IgA nephropathy (NORD)

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IgA nephropathy (NORD)

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IgA nephropathy (NORD)

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IgA nephropathy (NORD)


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USMLE® Step 1 questions

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High Yield Notes

10 pages


IgA nephropathy (NORD)

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USMLE® Step 1 style questions USMLE

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A 28-year-old man comes to the emergency department because of bilateral flank pain and cola-colored urine. He had been healthy until 3 days ago, when he started having cold-like symptoms with a runny nose and throat pain. The patient denies any recent rashes or arthralgias. Temperature is 37.7°C (100°F), pulse is 92/min, respirations are 17/min, and blood pressure is 135/85 mmHg. Physical examination shows pharyngeal erythema without exudates and mild bilateral flank tenderness. Complete blood count is normal. Serum chemistries and urinalysis are as follows:

Which of the following changes would most likely be present on this patient’s renal biopsy?

External References

First Aid








Hematuria p. 620

IgA nephropathy p. 620

IgA nephropathy p. 620

Henoch-Schönlein purpura and p. 322


Content Reviewers


IgA is a class of immunoglobulin, or antibody, and nephropathy means kidney disease.

IgA nephropathy, sometimes known as Berger disease, is the most common form of nephropathy worldwide, and it happens when an abnormal IgA forms and deposits in the kidneys, causing kidney damage.

IgA is the main antibody found in breast milk, tears, saliva, and the mucosal secretions of respiratory tract, gastrointestinal tract, and the genitourinary tract.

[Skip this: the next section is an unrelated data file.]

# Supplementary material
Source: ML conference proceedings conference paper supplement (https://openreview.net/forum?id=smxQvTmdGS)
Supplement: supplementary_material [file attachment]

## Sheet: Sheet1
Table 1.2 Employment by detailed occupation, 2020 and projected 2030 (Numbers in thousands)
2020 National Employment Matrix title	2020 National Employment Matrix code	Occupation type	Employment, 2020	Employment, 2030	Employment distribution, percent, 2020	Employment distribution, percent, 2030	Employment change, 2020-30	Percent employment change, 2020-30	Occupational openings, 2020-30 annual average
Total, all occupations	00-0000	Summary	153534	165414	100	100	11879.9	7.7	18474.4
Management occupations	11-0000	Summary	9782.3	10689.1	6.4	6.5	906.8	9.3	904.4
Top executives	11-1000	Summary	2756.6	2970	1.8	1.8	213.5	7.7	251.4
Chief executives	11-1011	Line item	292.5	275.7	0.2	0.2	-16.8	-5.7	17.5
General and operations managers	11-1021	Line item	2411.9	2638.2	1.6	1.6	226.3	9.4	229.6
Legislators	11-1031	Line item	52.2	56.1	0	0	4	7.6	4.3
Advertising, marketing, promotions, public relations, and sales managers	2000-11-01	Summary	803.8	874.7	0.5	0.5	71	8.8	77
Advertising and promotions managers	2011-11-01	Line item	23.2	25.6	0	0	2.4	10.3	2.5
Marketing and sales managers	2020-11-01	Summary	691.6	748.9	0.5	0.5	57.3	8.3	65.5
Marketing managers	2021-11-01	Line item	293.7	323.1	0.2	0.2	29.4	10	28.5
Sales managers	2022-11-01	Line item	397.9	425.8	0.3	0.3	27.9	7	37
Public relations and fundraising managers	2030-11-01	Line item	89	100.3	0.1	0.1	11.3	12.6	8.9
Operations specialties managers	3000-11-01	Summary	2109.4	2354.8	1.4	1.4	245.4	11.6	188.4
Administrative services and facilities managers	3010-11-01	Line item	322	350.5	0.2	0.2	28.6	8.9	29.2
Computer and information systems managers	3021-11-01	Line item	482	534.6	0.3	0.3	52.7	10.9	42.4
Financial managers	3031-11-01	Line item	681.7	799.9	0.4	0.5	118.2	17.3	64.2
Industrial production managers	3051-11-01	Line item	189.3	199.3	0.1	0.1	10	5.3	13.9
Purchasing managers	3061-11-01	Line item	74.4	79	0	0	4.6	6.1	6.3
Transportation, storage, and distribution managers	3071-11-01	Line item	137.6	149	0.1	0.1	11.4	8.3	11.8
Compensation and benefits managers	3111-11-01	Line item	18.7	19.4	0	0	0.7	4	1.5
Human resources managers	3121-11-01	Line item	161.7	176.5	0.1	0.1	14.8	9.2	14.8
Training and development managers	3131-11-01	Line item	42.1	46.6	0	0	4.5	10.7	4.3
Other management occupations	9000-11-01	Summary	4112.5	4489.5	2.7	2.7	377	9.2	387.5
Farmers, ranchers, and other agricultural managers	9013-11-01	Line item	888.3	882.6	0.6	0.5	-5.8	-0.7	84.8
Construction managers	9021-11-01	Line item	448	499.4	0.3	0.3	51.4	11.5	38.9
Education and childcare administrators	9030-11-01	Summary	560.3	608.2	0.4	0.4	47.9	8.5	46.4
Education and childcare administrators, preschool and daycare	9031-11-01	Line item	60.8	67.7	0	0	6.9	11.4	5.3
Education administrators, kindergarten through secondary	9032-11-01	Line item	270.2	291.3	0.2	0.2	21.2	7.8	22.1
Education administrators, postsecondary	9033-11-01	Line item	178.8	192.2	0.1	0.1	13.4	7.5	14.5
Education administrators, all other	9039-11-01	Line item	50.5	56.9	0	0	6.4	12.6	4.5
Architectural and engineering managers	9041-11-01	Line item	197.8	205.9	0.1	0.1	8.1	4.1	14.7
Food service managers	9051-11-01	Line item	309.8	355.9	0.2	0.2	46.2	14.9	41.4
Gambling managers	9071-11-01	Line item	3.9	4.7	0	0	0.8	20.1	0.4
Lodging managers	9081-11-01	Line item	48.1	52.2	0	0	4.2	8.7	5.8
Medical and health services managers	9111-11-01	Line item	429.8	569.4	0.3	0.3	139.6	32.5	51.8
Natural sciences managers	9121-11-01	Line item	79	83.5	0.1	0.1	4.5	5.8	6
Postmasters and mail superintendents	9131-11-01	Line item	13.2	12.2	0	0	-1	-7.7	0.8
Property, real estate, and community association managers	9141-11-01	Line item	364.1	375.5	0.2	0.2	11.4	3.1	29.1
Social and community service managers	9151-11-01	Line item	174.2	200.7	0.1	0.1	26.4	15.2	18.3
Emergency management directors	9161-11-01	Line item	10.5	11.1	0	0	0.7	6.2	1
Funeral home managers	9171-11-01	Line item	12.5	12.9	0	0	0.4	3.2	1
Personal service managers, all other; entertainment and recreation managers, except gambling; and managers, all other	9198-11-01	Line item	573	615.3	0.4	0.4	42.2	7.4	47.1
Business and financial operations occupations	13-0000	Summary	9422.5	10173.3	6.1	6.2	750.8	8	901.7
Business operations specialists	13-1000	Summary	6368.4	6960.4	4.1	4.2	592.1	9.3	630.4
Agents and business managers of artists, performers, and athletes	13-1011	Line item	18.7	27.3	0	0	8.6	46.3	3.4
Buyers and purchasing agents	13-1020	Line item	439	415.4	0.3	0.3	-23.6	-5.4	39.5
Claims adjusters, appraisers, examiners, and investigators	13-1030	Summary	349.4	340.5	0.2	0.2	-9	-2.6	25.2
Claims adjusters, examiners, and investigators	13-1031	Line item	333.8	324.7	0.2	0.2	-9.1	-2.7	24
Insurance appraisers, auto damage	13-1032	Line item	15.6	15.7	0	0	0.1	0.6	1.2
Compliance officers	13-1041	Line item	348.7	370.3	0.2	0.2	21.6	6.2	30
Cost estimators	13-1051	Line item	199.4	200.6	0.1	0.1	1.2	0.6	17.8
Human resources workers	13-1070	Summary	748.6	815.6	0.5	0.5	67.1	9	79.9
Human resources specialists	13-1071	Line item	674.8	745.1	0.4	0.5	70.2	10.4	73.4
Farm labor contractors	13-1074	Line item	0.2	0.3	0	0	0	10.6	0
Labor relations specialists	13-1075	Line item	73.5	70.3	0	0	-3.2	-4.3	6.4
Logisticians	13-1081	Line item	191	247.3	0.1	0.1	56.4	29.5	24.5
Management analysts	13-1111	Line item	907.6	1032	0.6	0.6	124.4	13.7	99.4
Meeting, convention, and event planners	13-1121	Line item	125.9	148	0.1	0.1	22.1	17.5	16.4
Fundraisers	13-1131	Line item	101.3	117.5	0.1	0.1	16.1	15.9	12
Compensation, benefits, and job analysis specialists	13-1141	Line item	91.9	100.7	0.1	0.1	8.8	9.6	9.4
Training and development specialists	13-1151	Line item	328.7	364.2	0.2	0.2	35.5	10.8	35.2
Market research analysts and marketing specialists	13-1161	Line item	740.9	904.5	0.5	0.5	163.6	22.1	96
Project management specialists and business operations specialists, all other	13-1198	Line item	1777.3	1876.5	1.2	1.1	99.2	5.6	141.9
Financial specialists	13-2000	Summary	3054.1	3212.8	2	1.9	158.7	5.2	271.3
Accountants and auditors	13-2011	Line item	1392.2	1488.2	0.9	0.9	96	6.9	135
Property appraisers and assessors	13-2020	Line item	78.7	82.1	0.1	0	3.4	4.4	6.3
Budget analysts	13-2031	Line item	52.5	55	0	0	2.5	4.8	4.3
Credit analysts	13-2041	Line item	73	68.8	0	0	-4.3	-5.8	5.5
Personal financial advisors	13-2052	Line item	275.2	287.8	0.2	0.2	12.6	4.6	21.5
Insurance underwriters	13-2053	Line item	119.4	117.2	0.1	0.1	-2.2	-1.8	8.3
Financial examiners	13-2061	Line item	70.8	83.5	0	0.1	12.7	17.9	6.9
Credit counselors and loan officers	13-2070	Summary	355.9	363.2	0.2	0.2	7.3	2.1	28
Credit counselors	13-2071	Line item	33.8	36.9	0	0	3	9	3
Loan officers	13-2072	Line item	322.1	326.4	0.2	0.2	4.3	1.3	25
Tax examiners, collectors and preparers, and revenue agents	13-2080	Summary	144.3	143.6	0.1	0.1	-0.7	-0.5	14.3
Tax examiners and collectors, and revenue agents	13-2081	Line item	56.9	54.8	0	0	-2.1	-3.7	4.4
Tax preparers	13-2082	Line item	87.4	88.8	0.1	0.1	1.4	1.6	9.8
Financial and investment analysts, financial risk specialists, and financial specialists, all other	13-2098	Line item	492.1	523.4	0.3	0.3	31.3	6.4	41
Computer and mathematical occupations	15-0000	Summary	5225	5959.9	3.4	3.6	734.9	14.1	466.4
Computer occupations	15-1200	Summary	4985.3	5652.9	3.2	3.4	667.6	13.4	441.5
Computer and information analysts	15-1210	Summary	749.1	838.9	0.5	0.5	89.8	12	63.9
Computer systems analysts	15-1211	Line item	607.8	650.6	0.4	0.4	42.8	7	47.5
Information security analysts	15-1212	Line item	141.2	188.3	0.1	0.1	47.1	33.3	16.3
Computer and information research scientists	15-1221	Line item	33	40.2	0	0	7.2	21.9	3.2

Unlike other antibodies, IgA can be secreted out in pairs or a dimeric form called secretory IgA, which is literally two IgA antibodies attached together.

By being bound together, it helps both antibodies avoid degradation by proteolytic enzymes in harsh environments like the gut.

Now, IgA comes in subclasses—IgA1 and IgA2, IgA1 is found mainly in the serum while IgA2 is more often found in the mucus secretions, typically in its dimeric form.

Now, the hinge region of the IgA1 heavy chain—the part that gives the antibody a bit of flexibility to bind multiple antigens without being torn apart—is made up of a string of amino acids.

Among these are serine and threonine residues which are O-linked glycosylated, meaning they have a sugar molecule, specifically galactose, attached to their oxygen.

Now these glycosylated IgA1 antibodies are identified by the body and degraded when too much of it accumulates.

In IgA nephropathy, though, there is abnormal glycosylation of these serine and threonine residues, causing them to be galactose-deficient.

These galactose-deficient IgA1s are not identified by the body, and therefore not degraded, allowing them to simply accumulate in the body.

In addition, it’s thought that these galactose-deficient IgA1 antibodies are different enough from normal IgA1 antibodies that the body no longer recognizes them as self.

In response, the body generates IgG antibodies that target the abnormally glycosylated residues. And these are known as anti-glycan IgG antibodies.

When these anti-glycan IgG antibodies bind to abnormal IgA1, immune complexes are formed.

These immune complexes can travel through the bloodstream where they get trapped at sites of filtration, like the kidney.


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